1
\$\begingroup\$

I study OpenGL ES 2.0. But I think it's more a C++ question rather then an OpenGL one.

I am stuck with the following rotation question: It is known, that rotation transformation can be applied using these equations (for simplicity suppose we rotating around (0, 0)):

x'=x*cos(theta)-y*sin(theta)
y'=x*sin(theta)+y*cos(theta)

But it seems that when I perform this rotation operation several times, the accuracy problem occures. I guess that the core of this problem is in uncertain results of cos() function and floating point limitations. As a result I see that my rotating object is getting smaller and smaller and smaller. By the way I am using C++.

1.) What do you think: Is this issue really connected to the accuracy problem?

2.) If so, how can I handle this?

Thanks.

\$\endgroup\$
2
\$\begingroup\$

This type of accumulated error is usually dealt with by tracking the original point(s) (say, the vertices of a mesh), and their transformation (say, as a matrix or quaternion and scale/translation vectors) separately.

When you transform the object, you don't modify the original points. You just update the transformation data. Then a new set of output points can be generated on demand from the originals and the updated transformation.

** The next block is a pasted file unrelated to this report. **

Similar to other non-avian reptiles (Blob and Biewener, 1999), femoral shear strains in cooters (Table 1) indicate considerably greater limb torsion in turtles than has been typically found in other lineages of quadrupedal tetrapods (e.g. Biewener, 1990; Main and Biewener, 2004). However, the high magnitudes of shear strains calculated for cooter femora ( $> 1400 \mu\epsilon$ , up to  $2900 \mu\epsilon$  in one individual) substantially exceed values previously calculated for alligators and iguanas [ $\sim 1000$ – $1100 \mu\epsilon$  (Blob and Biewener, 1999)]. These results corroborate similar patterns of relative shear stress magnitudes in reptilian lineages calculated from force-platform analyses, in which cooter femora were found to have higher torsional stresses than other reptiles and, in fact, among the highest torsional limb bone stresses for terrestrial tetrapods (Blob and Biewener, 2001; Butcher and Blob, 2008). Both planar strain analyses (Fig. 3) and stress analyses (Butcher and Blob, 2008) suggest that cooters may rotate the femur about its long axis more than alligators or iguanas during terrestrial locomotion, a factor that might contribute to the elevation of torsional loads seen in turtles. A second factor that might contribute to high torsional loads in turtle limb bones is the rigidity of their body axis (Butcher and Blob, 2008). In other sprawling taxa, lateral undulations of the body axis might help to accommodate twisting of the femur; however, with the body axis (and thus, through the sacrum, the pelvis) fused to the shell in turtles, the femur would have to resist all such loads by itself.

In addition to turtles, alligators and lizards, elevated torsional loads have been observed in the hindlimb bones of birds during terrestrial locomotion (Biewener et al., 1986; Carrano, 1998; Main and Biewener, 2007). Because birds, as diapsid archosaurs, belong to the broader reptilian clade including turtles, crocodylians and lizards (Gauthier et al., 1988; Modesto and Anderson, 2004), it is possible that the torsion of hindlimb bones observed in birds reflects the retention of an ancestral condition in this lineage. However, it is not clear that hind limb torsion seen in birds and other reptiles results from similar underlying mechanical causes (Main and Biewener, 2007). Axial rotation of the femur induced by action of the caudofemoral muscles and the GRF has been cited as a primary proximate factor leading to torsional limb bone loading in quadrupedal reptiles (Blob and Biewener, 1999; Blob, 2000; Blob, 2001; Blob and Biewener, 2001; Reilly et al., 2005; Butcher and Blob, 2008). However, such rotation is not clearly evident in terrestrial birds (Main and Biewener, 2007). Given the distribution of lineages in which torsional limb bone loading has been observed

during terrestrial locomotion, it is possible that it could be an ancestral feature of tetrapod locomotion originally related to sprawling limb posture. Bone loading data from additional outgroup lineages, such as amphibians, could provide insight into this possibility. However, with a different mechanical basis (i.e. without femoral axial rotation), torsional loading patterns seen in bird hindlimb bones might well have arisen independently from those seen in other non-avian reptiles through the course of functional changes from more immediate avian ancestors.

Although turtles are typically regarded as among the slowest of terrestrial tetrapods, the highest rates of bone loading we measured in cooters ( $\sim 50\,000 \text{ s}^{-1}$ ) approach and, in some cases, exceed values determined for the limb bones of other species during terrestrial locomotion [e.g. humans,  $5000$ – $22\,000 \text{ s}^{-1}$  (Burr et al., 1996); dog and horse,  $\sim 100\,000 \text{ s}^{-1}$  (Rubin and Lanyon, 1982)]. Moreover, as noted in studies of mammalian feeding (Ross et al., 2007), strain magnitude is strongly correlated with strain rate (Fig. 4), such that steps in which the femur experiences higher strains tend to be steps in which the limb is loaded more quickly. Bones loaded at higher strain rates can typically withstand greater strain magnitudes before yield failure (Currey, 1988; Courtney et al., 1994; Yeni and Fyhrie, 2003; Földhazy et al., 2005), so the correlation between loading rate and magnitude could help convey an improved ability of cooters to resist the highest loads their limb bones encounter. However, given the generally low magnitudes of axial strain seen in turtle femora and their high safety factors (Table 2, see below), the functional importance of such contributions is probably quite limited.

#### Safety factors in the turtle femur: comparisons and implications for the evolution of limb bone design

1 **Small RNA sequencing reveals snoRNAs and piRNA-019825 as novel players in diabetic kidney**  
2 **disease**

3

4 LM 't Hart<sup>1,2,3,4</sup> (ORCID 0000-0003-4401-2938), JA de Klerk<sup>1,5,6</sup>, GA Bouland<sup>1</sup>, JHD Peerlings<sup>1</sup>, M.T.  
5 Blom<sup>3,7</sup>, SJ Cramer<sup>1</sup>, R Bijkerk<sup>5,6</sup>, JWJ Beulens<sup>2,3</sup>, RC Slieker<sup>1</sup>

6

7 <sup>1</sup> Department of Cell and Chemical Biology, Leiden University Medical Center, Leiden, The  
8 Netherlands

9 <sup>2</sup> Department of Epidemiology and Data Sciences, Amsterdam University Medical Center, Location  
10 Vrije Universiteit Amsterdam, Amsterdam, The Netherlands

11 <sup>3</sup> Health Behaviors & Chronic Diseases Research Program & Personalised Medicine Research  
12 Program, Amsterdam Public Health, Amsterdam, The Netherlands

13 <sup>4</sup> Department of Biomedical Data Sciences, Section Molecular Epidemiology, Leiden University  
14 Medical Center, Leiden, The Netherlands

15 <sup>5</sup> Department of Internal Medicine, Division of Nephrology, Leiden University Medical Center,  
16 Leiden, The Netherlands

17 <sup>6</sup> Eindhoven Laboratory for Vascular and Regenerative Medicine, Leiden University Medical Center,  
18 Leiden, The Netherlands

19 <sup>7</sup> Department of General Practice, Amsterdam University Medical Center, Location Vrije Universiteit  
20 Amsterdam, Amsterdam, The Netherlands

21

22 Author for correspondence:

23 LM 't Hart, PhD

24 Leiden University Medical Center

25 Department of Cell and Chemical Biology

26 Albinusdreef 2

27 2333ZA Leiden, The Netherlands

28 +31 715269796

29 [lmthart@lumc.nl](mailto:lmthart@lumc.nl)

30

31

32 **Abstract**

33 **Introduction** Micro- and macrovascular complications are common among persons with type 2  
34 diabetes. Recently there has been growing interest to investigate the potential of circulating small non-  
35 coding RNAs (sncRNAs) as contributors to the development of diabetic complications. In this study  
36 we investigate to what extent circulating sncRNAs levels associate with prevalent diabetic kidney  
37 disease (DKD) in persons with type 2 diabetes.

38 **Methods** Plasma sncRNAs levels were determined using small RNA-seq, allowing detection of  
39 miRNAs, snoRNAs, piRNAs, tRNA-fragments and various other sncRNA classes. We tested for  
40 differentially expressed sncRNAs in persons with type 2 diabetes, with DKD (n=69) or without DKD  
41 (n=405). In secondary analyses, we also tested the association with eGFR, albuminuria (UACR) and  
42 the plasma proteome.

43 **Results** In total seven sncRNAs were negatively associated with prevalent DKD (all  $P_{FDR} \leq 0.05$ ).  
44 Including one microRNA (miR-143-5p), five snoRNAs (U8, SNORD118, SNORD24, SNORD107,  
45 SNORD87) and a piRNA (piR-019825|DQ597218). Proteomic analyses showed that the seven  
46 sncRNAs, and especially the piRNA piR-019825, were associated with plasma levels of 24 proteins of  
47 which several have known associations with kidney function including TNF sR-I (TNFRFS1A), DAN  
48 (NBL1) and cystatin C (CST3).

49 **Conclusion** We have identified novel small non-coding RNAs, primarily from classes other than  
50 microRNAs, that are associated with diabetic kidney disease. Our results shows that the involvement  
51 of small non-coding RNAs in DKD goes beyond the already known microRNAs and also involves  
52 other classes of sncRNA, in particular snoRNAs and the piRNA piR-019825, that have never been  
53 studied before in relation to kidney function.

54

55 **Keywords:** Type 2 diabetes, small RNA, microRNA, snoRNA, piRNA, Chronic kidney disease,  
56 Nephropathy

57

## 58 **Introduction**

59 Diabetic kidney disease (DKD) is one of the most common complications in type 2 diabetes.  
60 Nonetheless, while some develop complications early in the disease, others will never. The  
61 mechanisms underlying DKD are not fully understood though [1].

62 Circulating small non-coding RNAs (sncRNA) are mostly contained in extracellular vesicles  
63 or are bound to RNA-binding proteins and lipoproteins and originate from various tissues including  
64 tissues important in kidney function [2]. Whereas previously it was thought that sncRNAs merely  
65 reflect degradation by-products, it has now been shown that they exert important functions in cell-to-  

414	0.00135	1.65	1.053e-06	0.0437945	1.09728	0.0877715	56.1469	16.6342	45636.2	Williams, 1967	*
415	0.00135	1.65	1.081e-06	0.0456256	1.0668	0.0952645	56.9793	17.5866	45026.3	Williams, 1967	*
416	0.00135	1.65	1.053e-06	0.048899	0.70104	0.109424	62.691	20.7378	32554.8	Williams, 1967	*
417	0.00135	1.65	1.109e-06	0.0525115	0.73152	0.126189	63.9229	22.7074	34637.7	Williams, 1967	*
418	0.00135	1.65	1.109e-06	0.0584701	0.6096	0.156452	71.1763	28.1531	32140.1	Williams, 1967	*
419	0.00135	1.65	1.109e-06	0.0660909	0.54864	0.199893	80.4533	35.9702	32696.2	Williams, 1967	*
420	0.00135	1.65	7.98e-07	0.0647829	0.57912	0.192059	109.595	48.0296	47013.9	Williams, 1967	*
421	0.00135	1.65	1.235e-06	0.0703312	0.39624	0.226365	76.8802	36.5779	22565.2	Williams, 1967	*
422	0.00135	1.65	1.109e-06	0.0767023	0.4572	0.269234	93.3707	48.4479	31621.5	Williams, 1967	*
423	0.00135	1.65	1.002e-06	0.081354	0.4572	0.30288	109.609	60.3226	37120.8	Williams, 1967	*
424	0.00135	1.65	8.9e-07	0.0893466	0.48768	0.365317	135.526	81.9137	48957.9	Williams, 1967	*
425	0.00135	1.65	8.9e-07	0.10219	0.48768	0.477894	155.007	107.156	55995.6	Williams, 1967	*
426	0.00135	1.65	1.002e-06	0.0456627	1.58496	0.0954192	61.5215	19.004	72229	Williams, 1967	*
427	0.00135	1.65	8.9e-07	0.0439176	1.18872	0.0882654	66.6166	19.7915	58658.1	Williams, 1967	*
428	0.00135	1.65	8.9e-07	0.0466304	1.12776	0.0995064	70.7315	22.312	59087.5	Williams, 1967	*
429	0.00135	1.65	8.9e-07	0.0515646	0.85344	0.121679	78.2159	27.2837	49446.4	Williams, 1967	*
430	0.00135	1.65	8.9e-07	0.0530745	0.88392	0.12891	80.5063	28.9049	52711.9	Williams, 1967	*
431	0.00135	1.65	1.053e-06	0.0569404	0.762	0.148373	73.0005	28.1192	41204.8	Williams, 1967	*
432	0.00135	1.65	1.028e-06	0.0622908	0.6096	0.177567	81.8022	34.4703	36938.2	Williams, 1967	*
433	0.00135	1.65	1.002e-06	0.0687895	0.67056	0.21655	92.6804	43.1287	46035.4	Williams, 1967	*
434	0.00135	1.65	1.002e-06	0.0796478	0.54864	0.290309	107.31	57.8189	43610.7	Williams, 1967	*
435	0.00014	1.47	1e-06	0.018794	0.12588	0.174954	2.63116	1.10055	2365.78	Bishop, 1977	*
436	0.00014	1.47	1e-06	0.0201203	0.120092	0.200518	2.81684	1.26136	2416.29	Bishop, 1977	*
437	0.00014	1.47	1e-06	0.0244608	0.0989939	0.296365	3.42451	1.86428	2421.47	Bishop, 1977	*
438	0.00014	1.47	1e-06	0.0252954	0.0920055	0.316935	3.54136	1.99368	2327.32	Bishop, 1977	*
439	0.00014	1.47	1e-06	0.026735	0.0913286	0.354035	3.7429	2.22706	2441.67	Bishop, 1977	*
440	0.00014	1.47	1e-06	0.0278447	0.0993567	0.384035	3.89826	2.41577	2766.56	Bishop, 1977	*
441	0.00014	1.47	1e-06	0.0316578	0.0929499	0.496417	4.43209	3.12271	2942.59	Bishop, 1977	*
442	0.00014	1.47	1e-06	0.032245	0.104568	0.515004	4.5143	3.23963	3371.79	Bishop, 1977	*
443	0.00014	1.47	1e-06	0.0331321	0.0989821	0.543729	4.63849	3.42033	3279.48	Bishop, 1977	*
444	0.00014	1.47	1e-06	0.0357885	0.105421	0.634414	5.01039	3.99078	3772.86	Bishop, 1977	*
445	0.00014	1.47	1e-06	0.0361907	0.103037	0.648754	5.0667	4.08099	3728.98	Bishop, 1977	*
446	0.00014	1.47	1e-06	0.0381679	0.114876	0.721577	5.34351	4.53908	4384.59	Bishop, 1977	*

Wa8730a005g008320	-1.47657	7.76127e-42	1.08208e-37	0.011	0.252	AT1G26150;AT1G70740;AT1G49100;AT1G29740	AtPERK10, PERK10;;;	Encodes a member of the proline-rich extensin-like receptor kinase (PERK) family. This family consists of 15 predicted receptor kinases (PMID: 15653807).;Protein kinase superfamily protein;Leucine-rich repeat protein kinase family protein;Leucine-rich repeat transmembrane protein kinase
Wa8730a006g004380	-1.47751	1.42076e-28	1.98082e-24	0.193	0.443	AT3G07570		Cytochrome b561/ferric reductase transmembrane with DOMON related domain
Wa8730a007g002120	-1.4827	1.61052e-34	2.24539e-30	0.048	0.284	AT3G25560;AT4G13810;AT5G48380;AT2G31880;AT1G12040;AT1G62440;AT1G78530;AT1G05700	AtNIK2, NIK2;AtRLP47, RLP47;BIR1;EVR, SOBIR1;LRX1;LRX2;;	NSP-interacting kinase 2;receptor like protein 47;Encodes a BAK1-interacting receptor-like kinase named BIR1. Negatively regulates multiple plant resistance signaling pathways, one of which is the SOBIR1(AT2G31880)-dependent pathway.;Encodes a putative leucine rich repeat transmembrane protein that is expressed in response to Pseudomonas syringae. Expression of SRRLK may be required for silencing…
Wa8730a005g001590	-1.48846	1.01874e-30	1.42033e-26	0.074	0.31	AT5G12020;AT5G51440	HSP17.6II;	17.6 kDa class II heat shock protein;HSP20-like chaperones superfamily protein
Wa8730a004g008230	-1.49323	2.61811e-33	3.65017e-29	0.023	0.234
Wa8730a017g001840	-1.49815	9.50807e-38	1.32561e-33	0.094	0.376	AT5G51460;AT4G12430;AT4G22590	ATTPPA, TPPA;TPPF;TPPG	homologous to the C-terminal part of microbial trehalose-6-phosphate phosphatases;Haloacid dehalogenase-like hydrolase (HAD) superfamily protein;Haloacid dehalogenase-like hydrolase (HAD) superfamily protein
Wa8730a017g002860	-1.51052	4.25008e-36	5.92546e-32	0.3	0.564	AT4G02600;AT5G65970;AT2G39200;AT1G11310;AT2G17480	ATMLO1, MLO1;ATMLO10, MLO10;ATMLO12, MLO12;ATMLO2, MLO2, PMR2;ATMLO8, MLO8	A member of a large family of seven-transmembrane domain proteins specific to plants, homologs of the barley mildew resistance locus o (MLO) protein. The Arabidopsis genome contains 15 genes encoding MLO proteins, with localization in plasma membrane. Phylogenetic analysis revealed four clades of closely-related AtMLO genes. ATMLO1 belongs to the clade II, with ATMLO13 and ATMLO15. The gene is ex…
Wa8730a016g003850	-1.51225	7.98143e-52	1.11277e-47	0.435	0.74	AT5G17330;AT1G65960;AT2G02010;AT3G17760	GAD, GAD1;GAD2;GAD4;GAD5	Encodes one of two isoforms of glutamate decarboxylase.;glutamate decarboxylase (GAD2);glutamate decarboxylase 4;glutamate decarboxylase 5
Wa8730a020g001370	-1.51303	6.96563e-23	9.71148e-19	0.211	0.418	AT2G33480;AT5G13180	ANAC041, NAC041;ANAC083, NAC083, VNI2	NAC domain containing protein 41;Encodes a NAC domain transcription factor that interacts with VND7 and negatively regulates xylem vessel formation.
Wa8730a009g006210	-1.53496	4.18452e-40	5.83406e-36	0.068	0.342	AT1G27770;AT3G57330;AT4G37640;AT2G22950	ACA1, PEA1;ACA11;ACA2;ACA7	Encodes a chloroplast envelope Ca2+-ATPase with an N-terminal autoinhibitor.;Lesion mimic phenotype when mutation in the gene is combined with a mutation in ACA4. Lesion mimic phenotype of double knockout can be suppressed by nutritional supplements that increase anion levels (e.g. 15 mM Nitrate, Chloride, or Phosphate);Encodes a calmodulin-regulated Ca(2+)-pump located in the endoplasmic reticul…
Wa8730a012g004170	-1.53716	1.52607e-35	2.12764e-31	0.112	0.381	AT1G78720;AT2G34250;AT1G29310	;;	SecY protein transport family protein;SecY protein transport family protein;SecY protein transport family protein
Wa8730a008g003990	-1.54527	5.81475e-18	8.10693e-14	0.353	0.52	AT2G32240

Doing it this way lets you police the transformation data for errors. If you maintain the invariant that the transformation data is error-free to within your numerical precision, then any output points you generate will remain accurate within similar bounds.

You can do this in two ways:

  1. Generate the transformation from scratch whenever you need it, from more reliable source data (like an angle variable).

  2. Update the transformation incrementally, and error-correct it as you go:

A common example is working with a rotation matrix. A matrix that represents a rotation with no scaling/shearing is necessarily orthonormal (each row or column of the matrix is a unit vector, perpendicular to each other row or column, respectively). So, you can correct rounding errors that creep into the matrix by orthonormalizing it after making any change. (That is, take one row, scale it to unit length. Take the next row, subtract its projection onto rows considered so far, scale it to unit length. Repeat until you run out of rows)

\$\endgroup\$

Your Answer

By clicking “Post Your Answer”, you agree to our terms of service, privacy policy and cookie policy

Not the answer you're looking for? Browse other questions tagged or ask your own question.